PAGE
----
In 1865, Auckland lost its status as capital to Wellington. Nevertheless, greater Auckland became the largest city in New Zealand and home to a large population of Polynesian (mainly from Samoa, the Cook Islands and Tonga) and, more recently, Asian immigrants. The city remains one of the three main ports of call for cargo, visitors and information.
Auckland's must-see sights invariably turn into must-do activities. The reason: The city's most striking landmarks are its natural monuments. Once you see them, you'll soon want to walk, bike, kayak or sail them. The main park, the Auckland Domain, is home to several interesting plant exhibits in the Wintergardens, as well as the magnificent Auckland Museum—and it's a great place simply to take a walk. Dormant volcanoes such as Mount Eden, One Tree Hill, Mount Victoria and North Head provide not only beautiful recreational parkland, but also panoramic views of the city, the harbor and the Hauraki Gulf.
The best man-made vantage point in Auckland is the Sky Tower. It dominates the skyline and anchors the downtown entertainment complex called SkyCity. Guided walks across the Harbour Bridge also offer exhilarating views. For a more accessible vantage point, view the inner city from the external balcony of the Events Centre in the Wynyard Quarter.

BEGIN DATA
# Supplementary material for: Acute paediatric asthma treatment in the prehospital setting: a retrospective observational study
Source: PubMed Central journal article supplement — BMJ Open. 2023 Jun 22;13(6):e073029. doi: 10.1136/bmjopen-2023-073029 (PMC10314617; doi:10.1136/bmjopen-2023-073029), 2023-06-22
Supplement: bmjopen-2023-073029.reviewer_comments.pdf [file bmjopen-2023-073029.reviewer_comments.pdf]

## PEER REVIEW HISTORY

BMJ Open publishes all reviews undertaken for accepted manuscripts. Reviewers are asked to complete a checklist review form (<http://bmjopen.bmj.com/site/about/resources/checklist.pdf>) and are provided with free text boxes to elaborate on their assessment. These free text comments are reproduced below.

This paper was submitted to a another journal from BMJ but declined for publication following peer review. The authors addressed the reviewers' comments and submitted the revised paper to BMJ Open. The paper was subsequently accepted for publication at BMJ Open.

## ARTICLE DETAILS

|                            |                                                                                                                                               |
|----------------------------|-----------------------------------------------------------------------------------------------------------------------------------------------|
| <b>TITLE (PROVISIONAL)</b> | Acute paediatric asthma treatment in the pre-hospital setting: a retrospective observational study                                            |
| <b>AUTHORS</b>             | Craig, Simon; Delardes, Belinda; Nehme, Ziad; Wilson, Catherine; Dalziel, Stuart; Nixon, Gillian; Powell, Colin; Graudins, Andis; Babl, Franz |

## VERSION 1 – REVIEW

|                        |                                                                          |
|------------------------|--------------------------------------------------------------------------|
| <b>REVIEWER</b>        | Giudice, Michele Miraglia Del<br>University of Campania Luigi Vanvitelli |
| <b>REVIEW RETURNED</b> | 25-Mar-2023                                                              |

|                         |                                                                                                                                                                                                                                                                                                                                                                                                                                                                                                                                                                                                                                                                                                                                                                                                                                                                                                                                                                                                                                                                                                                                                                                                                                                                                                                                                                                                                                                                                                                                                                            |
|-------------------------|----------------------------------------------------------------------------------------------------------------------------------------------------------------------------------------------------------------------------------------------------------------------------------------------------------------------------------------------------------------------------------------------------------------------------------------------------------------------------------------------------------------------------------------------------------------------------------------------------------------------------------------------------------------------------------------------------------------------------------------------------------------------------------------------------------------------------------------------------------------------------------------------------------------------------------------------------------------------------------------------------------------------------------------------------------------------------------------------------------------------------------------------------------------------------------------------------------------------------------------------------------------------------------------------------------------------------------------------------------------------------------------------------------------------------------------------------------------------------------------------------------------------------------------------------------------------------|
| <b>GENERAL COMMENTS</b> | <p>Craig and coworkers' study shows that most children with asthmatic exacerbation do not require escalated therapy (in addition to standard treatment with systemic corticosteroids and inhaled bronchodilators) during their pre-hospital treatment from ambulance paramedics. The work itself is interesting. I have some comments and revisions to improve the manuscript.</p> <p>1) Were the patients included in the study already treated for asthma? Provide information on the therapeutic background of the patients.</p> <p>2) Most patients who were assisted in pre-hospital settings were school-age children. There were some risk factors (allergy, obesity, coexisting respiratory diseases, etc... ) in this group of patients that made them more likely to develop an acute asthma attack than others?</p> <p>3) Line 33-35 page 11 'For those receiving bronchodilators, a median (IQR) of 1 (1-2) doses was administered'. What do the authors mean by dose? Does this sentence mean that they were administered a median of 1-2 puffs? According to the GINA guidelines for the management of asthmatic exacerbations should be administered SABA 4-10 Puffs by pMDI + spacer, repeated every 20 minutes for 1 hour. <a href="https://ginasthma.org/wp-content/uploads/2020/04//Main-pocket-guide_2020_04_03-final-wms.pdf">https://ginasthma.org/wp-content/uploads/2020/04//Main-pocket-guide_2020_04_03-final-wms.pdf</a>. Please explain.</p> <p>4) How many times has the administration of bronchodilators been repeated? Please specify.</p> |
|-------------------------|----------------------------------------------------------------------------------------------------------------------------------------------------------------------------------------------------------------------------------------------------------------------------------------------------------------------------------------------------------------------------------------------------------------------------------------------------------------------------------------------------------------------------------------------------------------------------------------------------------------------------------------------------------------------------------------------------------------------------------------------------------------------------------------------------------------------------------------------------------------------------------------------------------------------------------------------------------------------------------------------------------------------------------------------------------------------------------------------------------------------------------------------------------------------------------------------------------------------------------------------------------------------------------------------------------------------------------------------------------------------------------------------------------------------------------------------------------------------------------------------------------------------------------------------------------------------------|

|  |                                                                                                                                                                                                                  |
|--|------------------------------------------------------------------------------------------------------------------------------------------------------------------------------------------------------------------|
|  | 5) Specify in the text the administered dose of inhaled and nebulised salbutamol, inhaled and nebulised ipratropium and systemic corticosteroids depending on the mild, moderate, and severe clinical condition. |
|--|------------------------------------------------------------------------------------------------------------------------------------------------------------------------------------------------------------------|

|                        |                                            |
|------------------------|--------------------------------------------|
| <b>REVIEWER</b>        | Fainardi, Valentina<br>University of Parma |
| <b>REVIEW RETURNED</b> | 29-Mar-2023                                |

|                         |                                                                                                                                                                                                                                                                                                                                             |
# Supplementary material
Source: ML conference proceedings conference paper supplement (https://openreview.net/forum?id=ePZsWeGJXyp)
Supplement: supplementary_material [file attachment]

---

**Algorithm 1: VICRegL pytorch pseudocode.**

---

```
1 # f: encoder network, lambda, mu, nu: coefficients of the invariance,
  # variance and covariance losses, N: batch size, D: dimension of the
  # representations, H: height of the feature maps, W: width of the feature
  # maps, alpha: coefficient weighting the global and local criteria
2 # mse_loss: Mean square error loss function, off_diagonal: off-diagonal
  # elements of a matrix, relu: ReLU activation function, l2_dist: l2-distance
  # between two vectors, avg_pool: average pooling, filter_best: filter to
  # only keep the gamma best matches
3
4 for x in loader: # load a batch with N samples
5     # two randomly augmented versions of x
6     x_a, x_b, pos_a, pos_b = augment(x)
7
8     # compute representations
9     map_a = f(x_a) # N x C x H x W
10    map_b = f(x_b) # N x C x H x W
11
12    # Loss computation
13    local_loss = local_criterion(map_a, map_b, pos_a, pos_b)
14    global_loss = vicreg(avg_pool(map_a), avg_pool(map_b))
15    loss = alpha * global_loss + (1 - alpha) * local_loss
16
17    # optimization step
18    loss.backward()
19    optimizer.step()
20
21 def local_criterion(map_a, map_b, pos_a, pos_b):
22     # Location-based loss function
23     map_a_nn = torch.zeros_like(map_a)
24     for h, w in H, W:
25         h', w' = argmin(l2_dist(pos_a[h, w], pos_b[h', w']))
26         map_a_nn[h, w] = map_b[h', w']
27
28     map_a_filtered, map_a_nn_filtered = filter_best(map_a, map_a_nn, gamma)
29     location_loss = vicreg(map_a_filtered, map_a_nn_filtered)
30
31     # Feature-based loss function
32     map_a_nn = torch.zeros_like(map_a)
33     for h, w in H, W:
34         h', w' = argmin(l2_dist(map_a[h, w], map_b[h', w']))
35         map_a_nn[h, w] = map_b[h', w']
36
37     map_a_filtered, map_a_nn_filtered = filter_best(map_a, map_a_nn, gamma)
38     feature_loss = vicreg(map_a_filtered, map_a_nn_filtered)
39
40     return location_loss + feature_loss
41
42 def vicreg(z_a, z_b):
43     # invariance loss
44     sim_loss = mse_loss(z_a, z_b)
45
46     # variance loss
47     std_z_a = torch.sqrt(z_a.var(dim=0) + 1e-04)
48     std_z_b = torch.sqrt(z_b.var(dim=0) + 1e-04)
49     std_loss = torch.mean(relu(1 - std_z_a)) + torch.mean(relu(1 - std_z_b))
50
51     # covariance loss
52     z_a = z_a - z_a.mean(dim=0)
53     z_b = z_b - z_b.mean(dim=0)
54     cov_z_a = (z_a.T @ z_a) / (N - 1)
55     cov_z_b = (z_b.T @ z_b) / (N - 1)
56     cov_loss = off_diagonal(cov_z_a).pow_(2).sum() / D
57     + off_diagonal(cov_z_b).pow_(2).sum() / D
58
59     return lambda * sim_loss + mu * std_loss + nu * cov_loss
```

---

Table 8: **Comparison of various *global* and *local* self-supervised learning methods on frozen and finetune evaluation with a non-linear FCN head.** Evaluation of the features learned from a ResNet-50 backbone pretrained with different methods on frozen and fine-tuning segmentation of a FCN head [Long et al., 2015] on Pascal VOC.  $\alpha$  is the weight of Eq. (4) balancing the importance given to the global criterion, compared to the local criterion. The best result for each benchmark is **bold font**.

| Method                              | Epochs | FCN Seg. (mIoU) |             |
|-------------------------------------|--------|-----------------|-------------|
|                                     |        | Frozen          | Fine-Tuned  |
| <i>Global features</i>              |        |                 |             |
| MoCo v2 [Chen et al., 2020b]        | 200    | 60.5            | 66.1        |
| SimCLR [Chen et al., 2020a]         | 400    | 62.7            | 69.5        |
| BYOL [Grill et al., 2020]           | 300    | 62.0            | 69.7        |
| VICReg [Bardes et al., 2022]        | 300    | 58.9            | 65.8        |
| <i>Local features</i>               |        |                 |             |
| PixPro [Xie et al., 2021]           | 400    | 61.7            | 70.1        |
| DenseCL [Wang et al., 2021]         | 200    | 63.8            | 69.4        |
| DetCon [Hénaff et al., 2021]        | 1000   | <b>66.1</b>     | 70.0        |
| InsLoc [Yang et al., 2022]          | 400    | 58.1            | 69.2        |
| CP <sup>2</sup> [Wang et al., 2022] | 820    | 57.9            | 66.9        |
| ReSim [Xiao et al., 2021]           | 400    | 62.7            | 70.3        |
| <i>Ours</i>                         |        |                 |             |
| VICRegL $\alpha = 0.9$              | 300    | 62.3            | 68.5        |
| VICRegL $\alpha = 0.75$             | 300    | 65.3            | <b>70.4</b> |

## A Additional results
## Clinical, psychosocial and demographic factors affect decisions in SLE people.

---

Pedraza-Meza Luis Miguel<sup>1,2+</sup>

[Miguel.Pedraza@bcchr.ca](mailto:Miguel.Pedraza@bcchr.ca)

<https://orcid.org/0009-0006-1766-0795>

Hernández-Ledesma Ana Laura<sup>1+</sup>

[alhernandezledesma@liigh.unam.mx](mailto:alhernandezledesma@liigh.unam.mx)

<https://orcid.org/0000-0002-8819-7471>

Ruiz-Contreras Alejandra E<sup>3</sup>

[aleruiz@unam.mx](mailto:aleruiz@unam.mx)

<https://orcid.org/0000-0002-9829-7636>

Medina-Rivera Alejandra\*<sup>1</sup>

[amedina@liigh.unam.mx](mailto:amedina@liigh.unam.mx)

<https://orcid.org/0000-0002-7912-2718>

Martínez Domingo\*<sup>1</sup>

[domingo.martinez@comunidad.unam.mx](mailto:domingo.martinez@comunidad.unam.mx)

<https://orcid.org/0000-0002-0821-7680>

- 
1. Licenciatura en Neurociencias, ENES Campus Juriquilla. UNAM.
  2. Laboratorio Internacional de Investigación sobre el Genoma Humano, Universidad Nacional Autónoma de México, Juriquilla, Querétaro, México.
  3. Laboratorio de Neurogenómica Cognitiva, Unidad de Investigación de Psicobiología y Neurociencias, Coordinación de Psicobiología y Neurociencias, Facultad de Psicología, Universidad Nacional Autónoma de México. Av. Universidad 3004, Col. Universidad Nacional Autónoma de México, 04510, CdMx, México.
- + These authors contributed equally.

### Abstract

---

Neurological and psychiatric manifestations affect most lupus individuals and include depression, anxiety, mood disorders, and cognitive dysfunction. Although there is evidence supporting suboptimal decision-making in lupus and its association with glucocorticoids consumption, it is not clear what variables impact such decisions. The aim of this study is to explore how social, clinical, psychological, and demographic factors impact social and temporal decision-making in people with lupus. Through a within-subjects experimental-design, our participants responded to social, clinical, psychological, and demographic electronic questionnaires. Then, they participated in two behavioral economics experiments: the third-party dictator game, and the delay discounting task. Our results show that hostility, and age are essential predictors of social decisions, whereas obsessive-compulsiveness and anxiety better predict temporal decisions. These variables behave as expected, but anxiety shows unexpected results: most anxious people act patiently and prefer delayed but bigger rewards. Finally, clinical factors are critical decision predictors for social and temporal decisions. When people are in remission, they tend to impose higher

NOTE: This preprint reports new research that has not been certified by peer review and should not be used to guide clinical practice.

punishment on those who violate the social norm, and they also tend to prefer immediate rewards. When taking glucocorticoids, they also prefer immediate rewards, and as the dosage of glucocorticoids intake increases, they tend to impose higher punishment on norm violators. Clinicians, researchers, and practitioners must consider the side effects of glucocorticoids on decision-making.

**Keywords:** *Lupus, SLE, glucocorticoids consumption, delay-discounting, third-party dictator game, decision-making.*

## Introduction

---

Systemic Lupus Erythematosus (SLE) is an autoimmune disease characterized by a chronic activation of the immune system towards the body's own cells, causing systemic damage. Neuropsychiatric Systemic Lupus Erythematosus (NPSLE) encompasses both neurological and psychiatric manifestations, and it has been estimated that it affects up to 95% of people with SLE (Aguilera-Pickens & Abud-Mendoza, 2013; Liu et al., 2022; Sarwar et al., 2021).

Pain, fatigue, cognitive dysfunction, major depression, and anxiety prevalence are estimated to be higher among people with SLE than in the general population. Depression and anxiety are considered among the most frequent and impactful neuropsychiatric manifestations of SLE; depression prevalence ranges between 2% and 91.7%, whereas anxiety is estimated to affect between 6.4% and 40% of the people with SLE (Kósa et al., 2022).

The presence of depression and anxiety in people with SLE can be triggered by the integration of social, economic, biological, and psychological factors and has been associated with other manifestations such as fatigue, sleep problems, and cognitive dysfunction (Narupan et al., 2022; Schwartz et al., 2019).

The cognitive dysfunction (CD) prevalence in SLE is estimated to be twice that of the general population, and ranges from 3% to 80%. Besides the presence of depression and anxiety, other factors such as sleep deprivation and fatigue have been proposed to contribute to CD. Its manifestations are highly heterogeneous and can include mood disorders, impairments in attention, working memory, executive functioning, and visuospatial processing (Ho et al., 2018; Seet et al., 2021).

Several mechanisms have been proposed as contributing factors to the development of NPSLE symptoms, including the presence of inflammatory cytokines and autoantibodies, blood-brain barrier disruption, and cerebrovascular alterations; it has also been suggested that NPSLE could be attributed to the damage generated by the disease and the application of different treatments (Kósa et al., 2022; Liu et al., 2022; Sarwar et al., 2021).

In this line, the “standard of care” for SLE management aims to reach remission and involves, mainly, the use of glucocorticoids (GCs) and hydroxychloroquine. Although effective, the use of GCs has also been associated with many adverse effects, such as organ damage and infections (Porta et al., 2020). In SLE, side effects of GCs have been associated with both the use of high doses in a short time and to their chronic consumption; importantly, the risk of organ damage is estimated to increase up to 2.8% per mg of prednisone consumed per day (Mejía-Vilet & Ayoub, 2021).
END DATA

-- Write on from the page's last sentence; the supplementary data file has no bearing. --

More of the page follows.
The city center has plenty of cultural attractions, including the remodeled and expanded Auckland Art Gallery housing the country's largest collection of New Zealand and international art. Aotea Square, dominated by performing-arts and entertainment venue The Edge, sits midway up Queen Street (across from the historic town hall), and there is a diverse array of cafes and boutiques along Queen Street and adjacent High Street. West of the Ferry Building on Quay Street is Princes Wharf, the Viaduct Basin and Wynyard Quarter. Trendy Britomart's (east of the Ferry Building) train station is a bustling hub of city transportation, which makes the area surrounding a good spot for dining, shopping or leisurely watching the world go by.